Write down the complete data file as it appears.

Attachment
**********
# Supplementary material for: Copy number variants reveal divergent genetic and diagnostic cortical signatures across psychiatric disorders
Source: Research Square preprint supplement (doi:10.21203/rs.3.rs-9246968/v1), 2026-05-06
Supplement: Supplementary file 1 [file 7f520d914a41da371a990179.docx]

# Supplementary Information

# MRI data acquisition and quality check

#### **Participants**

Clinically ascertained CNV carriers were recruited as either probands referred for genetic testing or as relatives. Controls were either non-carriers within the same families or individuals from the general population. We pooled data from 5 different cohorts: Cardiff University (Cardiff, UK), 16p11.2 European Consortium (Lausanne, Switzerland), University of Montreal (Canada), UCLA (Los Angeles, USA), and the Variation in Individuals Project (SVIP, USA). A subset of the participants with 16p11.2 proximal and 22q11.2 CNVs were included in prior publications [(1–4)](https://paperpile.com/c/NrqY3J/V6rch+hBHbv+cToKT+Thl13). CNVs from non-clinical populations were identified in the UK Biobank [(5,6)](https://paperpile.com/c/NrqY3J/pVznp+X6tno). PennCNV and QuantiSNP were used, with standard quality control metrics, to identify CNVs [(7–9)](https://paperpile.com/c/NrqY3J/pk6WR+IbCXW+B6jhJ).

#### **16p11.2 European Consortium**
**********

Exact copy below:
# Supplementary material for: Copy number variants reveal divergent genetic and diagnostic cortical signatures across psychiatric disorders
Source: Research Square preprint supplement (doi:10.21203/rs.3.rs-9246968/v1), 2026-05-06
Supplement: Supplementary file 1 [file 7f520d914a41da371a990179.docx]

# Supplementary Information

# MRI data acquisition and quality check

#### **Participants**

Clinically ascertained CNV carriers were recruited as either probands referred for genetic testing or as relatives. Controls were either non-carriers within the same families or individuals from the general population. We pooled data from 5 different cohorts: Cardiff University (Cardiff, UK), 16p11.2 European Consortium (Lausanne, Switzerland), University of Montreal (Canada), UCLA (Los Angeles, USA), and the Variation in Individuals Project (SVIP, USA). A subset of the participants with 16p11.2 proximal and 22q11.2 CNVs were included in prior publications [(1–4)](https://paperpile.com/c/NrqY3J/V6rch+hBHbv+cToKT+Thl13). CNVs from non-clinical populations were identified in the UK Biobank [(5,6)](https://paperpile.com/c/NrqY3J/pVznp+X6tno). PennCNV and QuantiSNP were used, with standard quality control metrics, to identify CNVs [(7–9)](https://paperpile.com/c/NrqY3J/pk6WR+IbCXW+B6jhJ).

#### **16p11.2 European Consortium**